Interactive Brokers - Tesco's Earnings Spur Sour Sentiment As U.K. Retail Sector Braces For Brexit

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Includes: EWU, EWUS, JSAIY, JSNSF, KO, LDNXF, LNSTY, MAKSY, MRWSF, MRWSY, TSCDF, TSCDY, WTBCF, WTBCY, WTBDY
by: Interactive Brokers
Summary

British retailer Tesco’s stock tumbled Wednesday despite improvements in the UK market, while uncertainties over Brexit have recently spurred significant shifts in the sector.

Along with other UK food retailers, including Sainsbury's and Morrisons, Tesco has been battling against intensified domestic competition – notably from hard discounters such as Aldi and Lidl.

Meanwhile, some food retailers already seem to be preparing for downside Brexit scenarios.

British retailer Tesco’s (LSE:TSCO) stock tumbled Wednesday despite improvements in the UK market, while uncertainties over Brexit have recently spurred significant shifts in the sector.

Shares of Tesco plunged after the company revealed losses related to its Central European and Asian operations.

In the first half of 2018/19, the firm said like-for-like (LFL) sales in Central Europe fell 1.5%, driven by Sunday trading regulations, and in Asia, LFL sales dropped by 7%, due in large part to adverse impacts from brand repositioning and investment in Thailand.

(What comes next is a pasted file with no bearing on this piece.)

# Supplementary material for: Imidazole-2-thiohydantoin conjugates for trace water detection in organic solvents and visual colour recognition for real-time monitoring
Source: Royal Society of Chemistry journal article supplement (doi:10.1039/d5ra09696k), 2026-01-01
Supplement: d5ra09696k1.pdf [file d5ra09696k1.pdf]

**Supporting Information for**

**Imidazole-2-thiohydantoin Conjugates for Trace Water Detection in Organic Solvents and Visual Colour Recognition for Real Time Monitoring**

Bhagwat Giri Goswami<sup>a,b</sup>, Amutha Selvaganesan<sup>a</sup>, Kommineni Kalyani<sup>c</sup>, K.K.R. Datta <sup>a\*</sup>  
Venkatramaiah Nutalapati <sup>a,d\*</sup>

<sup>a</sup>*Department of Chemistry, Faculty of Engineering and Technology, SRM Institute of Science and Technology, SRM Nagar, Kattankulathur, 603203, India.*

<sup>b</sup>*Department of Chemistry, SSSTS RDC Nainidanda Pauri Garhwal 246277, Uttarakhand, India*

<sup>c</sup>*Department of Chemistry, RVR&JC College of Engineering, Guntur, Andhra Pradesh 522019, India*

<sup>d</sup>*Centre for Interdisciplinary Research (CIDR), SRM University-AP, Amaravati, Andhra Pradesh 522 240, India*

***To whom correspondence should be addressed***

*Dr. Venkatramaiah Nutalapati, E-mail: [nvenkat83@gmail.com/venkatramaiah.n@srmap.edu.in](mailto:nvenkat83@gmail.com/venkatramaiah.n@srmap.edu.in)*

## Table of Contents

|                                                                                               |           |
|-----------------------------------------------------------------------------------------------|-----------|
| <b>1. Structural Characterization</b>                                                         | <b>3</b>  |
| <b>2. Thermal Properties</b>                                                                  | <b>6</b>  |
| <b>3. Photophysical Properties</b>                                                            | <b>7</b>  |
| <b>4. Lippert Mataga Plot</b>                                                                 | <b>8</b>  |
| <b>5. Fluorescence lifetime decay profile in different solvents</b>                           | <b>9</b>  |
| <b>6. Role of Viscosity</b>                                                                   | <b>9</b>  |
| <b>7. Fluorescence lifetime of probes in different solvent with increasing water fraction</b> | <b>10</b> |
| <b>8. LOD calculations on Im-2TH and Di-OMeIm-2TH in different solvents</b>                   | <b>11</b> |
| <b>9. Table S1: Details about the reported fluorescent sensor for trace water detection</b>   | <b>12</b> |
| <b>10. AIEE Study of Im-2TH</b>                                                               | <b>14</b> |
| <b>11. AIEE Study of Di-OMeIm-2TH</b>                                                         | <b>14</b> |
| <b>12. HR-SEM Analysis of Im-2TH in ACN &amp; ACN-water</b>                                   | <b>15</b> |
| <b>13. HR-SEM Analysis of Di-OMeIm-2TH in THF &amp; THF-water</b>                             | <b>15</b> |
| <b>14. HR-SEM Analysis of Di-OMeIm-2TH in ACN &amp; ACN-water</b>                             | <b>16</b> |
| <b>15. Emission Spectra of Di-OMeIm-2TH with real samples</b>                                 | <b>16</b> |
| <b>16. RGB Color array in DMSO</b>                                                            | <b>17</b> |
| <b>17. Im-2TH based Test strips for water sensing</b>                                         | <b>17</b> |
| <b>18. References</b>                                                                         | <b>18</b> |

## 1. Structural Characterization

Tesco said it expects the adverse impacts in Asia will continue in the second half, as it struggles to compete in the Thai market.

Following the news, the company’s stock plunged more than 8.5% intraday Wednesday to £215.10, with its American Depositary Receipts (ADRs, TSCDY) last quoted down around 8.45% to just south of US$8.34, according to the IBKR Trader Workstation.

The firm’s first-half financial performance fared better in its local markets, including a 3.8% rise in UK and Irish LFL sales, which stepped-up from 3.5% in Q1 to 4.2% in Q2.

While Tesco also paired down its debt obligations by more than 4% to roughly £3.13bn, the yield on its 6.15% notes due November 2037 shot up to a 52-week high of 5.795% -- a rise of a little more than 46bps since late January.

Shifting landscape

Along with other UK food retailers, including Sainsbury's (LSE:SBRY) and WM Morrison Supermarkets (LSE:MRW), Tesco has been battling against intensified domestic competition – notably from hard discounters such as Aldi and Lidl.

According to analysts at global advisory firm Deloitte, while consumer confidence in the UK has risen, growth in spending has slowed, and although inflation has fallen as expected, so has wage growth – “meaning that there has been no easing of pressure on consumers.”

However, a jump in online sales appears to have helped the sector, amid a rash of brick-and-mortar store closures, and overall retail activity has been generally stable – defying expectations for weather-inspired erosion.

Deloitte suggested the recent “robust” performance of sales, underpinned by the food and beverage industry, may be evidence of a broader structural shift in the sector. They added that years of “rising costs, technological disruption and changing consumer behavior has led to a tipping point that has forced the UK high street to undergo considerable structural change.”

Against this backdrop, Tesco has been busy shoring-up its domestic business.

The company completed its merger with wholesale food operator Booker in March, which is expected to fetch at least £60m this year in synergies, and are anticipated to grow to around £140m in 2019/20 and £200m by 2020/21.